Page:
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Letters of WWII fighter pilot, Guy O. Denton

Letters of WWII fighter pilot, Guy O. Denton

Posted: 21 Jan 2011 3:35PM GMT
Classification: Biography
Surnames: Denton
When my 87-year-old mother asked if I wanted to read my late father's letters to her written from North Africa in 1942-43, I jumped at the chance. They were so fascinating I decided to have them published. I compiled and transcribed them into a book called LETTERS FROM OUT OF THE BLUE: The Correspondence of Guy O. Denton, USAAF, from North Africa during WWII, available from Amazon.com. I hope others who are interested in the history and even romance of WWII fighter pilots will find the letters as interesting and helpful as I did.
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Re: Letters of WWII fighter pilot, Guy O. Denton

Posted: 19 Nov 2011 11:40PM GMT
Classification: Query
Surnames: Stevens
Thanks for the info on your book. I just found your post and am looking forward to seeing what you did in writing your book.

I've also just gotten the chance to see some family letters from WWII, and I'm transcribing them on my blog. Although mine aren't from as exciting a tour of duty as your father's (my father in law, Francis X. Stevens, served in the Navy on an LCI, present at Iwo Jima and Okinawa), it was an eye opener to see a first hand account (minus the censor's clippings) of someone near the front lines in these historic battles.

It seems that letters like this need to get out there where others can see them and think about it. There aren't too many of these veterans around anymore to tell their own stories. Someone ought to be passing them along.

I'd like to know more about your thoughts on writing your book and the response you've gotten to your work with these letters.

Jacqi
http://afamilytapestry.blogspot.com/

Re: Letters of WWII fighter pilot, Guy O. Denton

Posted: 20 Nov 2011 8:05PM GMT
Classification: Query
Thank you for your reply. I agree that, as these veterans pass away, it is important to carry on their legacy. I have spent the last several months expanding the book of my dad's letters. Those who read it (all 20 of them!) said they would have liked more context and background to them. In other words, what was going on at the time each letter was written? What battles and missions did my father participate in at those times? Where was he and what was happening around the base camp? I have done a lot of research in trying to answer these and other questions. Especially helpful has been the diary kept by a friend of Dad's in the same squadron. I hope to come out with this second edition of the book very soon.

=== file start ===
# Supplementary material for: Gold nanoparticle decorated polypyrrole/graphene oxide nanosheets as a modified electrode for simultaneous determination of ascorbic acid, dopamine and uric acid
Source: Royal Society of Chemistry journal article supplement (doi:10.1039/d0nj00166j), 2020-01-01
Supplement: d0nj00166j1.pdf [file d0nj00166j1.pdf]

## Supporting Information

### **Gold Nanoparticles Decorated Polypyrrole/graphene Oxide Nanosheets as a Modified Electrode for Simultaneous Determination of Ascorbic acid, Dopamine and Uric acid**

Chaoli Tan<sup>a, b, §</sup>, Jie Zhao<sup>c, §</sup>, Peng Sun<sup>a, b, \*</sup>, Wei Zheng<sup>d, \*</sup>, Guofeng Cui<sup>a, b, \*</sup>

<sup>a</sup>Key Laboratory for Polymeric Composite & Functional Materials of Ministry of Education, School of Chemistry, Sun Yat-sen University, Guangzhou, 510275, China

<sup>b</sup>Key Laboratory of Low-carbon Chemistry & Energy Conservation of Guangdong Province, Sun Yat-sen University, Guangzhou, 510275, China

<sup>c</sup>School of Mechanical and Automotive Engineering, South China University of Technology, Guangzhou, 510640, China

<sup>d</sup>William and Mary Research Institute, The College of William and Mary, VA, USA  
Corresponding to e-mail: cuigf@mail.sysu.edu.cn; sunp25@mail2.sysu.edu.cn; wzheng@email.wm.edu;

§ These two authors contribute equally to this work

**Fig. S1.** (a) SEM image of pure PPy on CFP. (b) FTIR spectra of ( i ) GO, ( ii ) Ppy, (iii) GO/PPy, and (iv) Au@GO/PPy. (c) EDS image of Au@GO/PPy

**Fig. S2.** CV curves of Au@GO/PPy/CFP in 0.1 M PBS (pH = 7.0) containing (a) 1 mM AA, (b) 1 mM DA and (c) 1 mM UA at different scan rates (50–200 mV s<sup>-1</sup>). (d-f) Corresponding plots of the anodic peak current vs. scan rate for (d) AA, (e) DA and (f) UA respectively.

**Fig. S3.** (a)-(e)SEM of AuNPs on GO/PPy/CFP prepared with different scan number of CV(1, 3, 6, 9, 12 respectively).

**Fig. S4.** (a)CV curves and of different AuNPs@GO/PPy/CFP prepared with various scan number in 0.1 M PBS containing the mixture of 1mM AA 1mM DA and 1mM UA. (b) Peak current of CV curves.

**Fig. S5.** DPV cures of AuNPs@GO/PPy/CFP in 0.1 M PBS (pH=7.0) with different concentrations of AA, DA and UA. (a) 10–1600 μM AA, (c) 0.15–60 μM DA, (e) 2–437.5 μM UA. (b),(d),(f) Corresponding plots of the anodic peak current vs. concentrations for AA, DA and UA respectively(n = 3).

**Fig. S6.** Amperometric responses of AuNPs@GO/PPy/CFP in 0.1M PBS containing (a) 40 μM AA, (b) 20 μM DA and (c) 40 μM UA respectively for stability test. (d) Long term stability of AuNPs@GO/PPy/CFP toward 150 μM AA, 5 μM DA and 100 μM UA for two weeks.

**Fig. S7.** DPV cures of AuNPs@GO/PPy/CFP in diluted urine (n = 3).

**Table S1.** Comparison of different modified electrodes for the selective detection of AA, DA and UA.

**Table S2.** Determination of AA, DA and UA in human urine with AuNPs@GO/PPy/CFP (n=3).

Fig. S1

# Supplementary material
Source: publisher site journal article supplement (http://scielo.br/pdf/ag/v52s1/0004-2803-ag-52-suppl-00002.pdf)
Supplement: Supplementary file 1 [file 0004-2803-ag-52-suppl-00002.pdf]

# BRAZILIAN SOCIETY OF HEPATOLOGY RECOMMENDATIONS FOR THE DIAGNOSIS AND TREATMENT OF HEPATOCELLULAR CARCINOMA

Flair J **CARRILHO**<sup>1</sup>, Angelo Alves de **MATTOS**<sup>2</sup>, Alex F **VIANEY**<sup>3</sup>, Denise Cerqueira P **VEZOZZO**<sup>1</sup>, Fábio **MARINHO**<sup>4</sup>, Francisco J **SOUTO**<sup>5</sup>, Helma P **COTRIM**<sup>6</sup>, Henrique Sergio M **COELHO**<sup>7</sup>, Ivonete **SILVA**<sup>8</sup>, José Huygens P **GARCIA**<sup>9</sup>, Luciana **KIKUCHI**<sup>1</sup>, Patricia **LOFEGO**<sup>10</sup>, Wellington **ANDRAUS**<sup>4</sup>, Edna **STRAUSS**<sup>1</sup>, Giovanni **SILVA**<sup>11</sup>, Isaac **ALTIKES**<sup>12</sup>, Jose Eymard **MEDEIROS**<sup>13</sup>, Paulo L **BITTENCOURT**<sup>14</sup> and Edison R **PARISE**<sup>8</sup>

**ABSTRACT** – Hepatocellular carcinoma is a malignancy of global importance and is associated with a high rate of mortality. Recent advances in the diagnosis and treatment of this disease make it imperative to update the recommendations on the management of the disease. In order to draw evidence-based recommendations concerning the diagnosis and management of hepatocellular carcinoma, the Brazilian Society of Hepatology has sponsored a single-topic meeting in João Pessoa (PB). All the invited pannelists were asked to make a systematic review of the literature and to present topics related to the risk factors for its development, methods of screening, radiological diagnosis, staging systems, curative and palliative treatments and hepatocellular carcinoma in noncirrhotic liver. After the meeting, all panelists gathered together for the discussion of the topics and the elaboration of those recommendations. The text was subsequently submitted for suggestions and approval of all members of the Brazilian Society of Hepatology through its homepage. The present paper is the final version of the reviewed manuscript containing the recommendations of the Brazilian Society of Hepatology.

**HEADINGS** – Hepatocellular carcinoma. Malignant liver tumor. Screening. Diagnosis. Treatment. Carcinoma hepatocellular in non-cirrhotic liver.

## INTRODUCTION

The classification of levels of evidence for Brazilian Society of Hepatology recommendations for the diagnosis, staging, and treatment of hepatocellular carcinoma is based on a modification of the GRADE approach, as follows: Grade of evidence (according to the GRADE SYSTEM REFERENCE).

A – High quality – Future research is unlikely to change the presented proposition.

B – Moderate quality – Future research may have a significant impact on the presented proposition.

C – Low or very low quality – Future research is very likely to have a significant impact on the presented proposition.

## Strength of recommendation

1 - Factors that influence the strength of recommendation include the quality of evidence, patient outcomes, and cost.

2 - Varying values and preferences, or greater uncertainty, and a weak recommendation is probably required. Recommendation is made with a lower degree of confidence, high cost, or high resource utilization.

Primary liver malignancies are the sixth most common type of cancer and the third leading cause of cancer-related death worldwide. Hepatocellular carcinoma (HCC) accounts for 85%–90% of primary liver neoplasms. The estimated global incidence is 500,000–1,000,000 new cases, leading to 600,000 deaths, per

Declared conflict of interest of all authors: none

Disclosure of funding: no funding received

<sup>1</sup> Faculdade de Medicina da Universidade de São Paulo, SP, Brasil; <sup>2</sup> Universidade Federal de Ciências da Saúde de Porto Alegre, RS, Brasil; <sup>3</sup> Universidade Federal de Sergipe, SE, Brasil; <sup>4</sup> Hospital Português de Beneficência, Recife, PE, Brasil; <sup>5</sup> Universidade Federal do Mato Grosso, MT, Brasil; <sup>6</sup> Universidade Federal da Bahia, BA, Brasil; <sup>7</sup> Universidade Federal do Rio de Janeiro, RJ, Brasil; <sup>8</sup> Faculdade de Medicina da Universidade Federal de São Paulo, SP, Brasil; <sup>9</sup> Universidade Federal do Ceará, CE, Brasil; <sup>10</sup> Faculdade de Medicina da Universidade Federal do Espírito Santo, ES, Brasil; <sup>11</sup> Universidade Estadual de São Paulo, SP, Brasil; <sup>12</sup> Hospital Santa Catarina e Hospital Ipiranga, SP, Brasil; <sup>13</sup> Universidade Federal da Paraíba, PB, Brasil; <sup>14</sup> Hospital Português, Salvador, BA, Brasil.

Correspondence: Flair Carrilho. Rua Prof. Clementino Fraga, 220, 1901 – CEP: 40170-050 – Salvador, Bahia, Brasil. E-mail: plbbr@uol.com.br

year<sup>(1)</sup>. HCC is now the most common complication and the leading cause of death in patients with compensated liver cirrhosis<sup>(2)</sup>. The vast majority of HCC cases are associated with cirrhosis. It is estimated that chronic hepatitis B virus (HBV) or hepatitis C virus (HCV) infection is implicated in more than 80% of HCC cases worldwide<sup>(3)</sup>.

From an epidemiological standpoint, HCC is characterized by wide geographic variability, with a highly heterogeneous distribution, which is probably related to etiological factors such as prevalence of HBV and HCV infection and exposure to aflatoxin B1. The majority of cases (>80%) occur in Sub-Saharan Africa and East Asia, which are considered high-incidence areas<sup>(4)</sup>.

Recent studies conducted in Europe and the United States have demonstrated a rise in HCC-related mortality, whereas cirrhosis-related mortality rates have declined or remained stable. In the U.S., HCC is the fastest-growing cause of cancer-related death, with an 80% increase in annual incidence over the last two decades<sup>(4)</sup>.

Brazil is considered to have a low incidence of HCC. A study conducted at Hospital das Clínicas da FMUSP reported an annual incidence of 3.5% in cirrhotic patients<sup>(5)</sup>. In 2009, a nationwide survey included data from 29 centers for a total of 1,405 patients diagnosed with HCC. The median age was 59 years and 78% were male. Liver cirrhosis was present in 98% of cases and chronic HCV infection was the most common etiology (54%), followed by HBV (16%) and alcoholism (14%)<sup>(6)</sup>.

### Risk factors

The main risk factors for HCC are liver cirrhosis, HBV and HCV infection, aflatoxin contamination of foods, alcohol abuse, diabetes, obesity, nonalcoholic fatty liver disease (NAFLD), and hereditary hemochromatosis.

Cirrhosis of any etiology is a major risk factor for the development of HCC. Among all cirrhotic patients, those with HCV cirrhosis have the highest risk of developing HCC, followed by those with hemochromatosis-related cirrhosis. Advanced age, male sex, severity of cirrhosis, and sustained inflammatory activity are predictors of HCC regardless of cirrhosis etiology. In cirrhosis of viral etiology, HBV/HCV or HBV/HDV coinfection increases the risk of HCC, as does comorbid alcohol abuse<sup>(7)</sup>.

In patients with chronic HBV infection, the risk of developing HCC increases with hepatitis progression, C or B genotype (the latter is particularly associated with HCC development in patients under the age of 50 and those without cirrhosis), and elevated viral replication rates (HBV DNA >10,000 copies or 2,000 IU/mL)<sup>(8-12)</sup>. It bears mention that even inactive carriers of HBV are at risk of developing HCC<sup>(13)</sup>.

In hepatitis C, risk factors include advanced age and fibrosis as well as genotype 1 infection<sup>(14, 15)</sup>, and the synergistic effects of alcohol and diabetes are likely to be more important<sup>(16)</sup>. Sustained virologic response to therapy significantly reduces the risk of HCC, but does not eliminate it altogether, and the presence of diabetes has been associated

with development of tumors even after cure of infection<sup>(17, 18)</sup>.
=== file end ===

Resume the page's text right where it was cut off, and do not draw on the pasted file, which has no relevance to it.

Response has been disappointing, as getting the word out about a self-published book is difficult. Once the revision comes out, I'm going to try to get a regular publisher to pick it up.

I hope you will keep an eye out on Amazon for the new edition in the next few weeks and let me know what you think.

Thanks again and I would love to hear back from you again.

Rocky Denton

Re: Letters of WWII fighter pilot, Guy O. Denton

Posted: 20 Nov 2011 9:40PM GMT
Classification: Query
Surnames: Stevens
Well, you can add one more and make that 21. I definitely want to read your current book, and I'll check out that new version, too. Definitely, look for a publisher to carry it for you--but may I advise that you don't short sell yourself by mentioning that lonely 20. Marketing is indeed a challenge, but there may be more avenues for you to get the word out and claim more readers. The more you can show a potential publisher that you already have an audience, the more likely they will be to invest in your new book.

It's stuff like this that makes me wonder if it wouldn't be helpful to set up a thread here on this forum on writing and/or publishing WWII related family history. There is a challenge to this craft of writing, and many hurdles to publishing--and selling--books.

The thing that really gets me, though, is the fact that not too many of these WWII guys are still left. When they are all gone, someone has to pick up the mantle and continue telling their stories. I know I'm feeling the pull to speak up on the behalf of Frank Stevens, my father-in-law, and his Navy experiences in the Pacific arena.

Glad to have met you here, Rocky. Best wishes on your revised publication!

Jacqi
http://afamilytapestry.blogspot.com/
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